And as historian Patrick French points out, this isn't merely one of those "Let's remember grandpa was born in a different age" kind of situations, because Gandhi's views on Africans were pretty racist even for his time. In his correspondences, he referred to native South Africans as "Kaffirs," the N-word for people who thought the N-word was a bit too progressive, and said that Indians were "infinitely superior" to the African race. So it's no wonder that African students didn't want to gaze up at a man who wrote "About the mixing of the Kaffirs with the Indians, I must confess I feel most strongly" on their way to the campus mixer.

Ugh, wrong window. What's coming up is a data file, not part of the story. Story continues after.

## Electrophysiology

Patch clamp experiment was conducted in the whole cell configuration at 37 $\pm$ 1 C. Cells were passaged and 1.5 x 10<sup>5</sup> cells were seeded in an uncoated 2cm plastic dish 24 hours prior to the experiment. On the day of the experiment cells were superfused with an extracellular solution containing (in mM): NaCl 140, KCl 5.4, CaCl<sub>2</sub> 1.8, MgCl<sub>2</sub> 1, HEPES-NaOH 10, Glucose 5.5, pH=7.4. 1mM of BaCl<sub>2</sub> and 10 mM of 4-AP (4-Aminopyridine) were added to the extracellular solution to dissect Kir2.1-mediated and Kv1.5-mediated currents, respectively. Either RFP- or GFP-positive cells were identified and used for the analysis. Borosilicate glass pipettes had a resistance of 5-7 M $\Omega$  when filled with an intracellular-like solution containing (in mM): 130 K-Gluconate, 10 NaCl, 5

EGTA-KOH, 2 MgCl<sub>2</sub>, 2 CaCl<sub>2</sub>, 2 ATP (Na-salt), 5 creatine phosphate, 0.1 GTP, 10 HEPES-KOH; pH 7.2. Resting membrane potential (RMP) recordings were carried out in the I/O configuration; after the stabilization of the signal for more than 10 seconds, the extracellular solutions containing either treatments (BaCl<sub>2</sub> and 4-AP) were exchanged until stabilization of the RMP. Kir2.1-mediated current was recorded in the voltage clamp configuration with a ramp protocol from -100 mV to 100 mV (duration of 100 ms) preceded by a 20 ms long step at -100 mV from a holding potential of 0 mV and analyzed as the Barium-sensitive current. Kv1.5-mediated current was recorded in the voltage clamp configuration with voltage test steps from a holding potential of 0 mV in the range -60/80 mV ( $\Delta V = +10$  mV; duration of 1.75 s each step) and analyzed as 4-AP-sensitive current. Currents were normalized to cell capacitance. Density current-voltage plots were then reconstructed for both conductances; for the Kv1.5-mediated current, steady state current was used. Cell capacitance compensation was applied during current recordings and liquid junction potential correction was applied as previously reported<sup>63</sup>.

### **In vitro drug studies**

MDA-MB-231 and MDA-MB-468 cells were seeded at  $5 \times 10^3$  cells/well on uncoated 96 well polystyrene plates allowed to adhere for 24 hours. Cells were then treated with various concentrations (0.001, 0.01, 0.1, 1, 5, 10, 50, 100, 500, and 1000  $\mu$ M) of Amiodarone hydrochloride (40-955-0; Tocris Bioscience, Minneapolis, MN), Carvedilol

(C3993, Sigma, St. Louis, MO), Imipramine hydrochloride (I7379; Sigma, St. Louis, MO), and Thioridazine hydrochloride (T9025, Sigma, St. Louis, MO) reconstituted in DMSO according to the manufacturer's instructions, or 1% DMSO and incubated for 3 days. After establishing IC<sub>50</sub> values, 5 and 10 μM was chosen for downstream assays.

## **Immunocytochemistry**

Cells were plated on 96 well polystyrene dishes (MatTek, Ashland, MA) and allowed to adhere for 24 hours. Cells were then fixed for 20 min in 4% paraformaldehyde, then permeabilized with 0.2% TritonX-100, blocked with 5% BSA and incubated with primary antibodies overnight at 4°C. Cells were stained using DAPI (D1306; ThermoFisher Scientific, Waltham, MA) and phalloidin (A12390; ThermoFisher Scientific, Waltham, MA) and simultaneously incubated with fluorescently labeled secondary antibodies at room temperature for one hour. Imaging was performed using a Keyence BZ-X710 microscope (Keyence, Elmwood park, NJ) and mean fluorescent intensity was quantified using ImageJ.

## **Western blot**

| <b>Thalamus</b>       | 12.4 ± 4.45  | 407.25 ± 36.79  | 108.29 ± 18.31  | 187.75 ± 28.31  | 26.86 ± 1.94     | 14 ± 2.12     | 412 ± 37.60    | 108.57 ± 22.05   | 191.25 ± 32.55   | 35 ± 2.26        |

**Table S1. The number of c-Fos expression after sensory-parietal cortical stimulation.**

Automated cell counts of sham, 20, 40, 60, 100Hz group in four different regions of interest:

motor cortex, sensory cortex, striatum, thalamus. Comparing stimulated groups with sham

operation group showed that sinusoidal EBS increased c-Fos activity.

The statue's protest is only part of an emerging movement to expose Gandhi's far-from-divine sides, and that's a bit awkward, to say the least. Gandhi's resistance to oppression and racism was a great inspiration to many later civil rights heroes, most notably Dr. Martin Luther King and Nelson Mandela. So finding out that the man spent a great deal of his life with the same kind of views that come free with a Confederate flag tattoo and a pair of truck nuts can a hard pill to swallow. But the very smallest lesson to take away from this is that nobody's perfect -- at least, not perfect enough to have their historical butt encased in stone just anywhere.